We have a wide variety of button sizes, styles and types, all designed for specific contexts.
The button type is determined by its purpose and the action being taken.
Primary: Save the primary button for the strongest available action. Try not to use multiple in a single view.
A button can be all text, a single icon or both. For icon-only, make sure the action is clearly implied.
Icon & Text
Your button style depends on how much attention you want to draw to the action.
Standard: Background colors and rounded corners make the standard button look clickable, making it clear the user can and should take action.
Consider view density and the button’s position when choosing between the four available sizes.
X-Small: Only use this when you really need to squeeze, like in a card or sidebar. Stick to text or icon-only.
Multiple sizes should never be placed adjacent to one another.
Don'tuse multiple sizes in the same context.
Douse button types to emphasize a preferred option.
Touchpoint sizes on mobile devices differ than the button target area on the web. To make Uniform accessible on both platforms, the x-small button is unavailable for mobile.
Use medium as the default for most interfaces, but small works just fine, too. Reserve large for iPads.
Medium is ideal for most interfaces, but large also works. Use small sparingly.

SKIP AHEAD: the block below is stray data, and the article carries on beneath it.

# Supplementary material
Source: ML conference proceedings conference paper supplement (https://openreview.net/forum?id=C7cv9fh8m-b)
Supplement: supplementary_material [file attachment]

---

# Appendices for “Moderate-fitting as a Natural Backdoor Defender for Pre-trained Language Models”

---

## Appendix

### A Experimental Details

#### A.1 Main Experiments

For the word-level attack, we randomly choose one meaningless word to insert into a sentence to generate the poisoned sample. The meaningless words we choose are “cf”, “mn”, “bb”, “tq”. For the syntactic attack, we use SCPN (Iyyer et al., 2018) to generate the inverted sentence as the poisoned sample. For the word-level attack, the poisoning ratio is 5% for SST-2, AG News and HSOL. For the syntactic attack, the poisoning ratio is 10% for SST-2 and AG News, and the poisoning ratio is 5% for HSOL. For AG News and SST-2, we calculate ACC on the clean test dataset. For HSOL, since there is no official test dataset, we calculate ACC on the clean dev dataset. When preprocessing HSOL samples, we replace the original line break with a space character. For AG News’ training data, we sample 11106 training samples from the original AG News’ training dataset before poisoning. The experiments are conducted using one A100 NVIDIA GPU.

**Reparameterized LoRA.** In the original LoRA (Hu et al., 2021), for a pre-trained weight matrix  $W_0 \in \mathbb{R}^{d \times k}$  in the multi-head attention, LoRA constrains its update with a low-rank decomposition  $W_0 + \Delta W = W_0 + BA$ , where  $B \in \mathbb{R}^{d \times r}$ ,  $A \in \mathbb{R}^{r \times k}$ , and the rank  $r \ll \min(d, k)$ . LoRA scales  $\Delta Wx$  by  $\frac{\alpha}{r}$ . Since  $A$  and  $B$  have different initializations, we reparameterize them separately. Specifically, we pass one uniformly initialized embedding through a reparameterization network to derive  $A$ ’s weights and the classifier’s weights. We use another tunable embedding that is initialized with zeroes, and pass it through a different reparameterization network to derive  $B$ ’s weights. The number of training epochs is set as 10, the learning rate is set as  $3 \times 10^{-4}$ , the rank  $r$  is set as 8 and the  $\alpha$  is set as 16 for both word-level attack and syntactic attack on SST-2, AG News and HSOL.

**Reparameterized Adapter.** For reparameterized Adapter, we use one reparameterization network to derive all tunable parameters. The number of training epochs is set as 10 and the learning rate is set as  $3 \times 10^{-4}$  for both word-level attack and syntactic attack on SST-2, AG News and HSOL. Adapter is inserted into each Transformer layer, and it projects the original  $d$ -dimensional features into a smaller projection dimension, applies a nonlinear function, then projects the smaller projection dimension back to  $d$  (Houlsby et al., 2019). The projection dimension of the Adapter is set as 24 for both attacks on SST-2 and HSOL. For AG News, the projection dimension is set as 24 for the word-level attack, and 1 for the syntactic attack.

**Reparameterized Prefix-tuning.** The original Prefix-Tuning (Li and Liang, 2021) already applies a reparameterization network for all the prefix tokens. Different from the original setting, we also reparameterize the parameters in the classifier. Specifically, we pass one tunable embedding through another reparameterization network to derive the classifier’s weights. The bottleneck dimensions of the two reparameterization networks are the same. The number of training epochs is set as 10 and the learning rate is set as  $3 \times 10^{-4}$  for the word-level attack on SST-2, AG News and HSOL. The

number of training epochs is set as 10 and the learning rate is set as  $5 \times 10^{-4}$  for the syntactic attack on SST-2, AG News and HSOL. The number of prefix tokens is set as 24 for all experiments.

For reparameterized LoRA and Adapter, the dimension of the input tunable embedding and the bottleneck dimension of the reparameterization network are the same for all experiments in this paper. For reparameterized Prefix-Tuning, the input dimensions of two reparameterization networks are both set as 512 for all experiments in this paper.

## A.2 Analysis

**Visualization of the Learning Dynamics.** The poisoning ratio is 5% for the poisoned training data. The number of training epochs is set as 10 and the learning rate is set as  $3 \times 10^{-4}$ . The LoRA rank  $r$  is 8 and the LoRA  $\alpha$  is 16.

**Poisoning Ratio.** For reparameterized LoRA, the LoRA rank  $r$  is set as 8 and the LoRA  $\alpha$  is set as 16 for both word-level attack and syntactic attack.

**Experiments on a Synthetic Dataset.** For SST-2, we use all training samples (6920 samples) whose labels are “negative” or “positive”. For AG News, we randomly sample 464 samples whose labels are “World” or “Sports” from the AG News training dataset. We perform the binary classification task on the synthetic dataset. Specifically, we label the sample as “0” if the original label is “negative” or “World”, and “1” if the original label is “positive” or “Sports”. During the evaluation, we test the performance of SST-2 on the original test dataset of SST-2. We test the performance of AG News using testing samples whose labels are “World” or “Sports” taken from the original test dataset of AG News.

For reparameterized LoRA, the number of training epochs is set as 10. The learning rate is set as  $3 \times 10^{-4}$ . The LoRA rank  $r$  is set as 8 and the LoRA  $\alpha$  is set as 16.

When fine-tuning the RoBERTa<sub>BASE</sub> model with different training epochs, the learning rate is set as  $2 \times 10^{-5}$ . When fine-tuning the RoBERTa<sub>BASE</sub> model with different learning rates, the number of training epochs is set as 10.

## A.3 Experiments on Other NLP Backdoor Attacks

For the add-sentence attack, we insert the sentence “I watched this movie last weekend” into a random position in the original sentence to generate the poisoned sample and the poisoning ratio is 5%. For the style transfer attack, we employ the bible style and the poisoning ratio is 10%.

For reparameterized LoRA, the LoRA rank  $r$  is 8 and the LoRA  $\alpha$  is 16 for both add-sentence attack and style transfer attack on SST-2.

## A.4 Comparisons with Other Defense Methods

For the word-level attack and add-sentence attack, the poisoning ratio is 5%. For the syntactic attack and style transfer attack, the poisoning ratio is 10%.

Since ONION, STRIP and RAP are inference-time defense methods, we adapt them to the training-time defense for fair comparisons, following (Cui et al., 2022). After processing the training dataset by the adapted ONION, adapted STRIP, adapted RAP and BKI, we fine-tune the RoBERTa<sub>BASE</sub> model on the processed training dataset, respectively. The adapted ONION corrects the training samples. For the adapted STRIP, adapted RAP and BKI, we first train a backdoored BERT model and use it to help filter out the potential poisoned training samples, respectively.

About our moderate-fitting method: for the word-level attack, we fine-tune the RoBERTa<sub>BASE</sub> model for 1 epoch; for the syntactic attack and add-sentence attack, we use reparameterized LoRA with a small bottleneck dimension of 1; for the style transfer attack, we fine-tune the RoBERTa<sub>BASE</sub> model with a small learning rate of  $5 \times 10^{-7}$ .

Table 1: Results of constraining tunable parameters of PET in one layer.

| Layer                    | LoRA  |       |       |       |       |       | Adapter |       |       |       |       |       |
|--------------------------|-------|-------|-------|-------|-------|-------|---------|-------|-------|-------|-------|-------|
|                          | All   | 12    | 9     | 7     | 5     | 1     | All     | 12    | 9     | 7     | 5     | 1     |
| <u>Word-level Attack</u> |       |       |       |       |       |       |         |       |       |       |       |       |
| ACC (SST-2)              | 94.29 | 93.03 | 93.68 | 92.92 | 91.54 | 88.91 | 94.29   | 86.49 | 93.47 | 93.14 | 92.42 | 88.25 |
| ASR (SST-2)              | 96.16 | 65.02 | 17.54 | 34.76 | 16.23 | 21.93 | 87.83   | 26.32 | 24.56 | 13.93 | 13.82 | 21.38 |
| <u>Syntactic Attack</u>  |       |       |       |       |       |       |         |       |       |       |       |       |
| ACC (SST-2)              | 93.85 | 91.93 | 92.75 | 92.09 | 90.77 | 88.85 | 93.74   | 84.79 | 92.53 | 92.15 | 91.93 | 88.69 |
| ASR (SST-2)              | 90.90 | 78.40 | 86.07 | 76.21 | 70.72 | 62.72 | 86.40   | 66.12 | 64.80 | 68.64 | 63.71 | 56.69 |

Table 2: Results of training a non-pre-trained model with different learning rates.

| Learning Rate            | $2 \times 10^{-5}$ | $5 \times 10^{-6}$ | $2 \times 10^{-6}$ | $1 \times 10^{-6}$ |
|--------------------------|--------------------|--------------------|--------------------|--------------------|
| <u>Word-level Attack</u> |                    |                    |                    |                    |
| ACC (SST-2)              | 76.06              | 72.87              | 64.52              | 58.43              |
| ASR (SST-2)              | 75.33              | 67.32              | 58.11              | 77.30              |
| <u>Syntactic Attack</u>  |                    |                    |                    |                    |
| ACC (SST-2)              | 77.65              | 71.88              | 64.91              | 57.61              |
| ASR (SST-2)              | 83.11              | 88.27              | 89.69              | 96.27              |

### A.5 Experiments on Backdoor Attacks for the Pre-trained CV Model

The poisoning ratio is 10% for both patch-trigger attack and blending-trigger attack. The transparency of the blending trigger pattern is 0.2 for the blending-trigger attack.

Because our Action color demands attention, limit the number of primary actions per page. (We strongly recommend just one.)
Don'tuse many primary actions on a single view.
Douse secondary and subtle buttons to create hierarchy without overwhelming the screen.
Not every button needs the following statuses. Save them for actions that could take some time to complete.
Statuses come as a package deal. Never use one on its own.
When using buttons for mobile, consider placement while keeping in mind what HIG and Material have to say. We want Uniform to fit in nicely with other system components and patterns, like mobile navigation.
Don'tuse standard buttons in navigation.
Dochoose buttons to fit seamlessly within the OS.
Don'trandomly change the button elevation.
Dofollow elevation guidelines if they exist.
The button’s state changes with mouse and keyboard interactions. We can also disable a button entirely.
Buttons follow the UI label guidelines. Use title case without punctuation unless noted otherwise.
Don'tlabel buttons with full sentences.
Domake buttons title case without punctuation.
Labels should clearly indicate the action being taken.
Don'tmake button labels so generic there's no clear outcome.
Dolabel with specific, action-oriented verbs.
Button labels are a great opportunity to inject personality with the Hudl voice.
Don'tmake labels distracting with excessively playful language.
Dowrite labels that sound human.
Button labels should be between 5 and 25 characters.
Don'tmake button labels long and difficult to read.
Domake button labels concise. Use supporting text for additional context if needed.
|No guidelines exist for other platforms (yet).|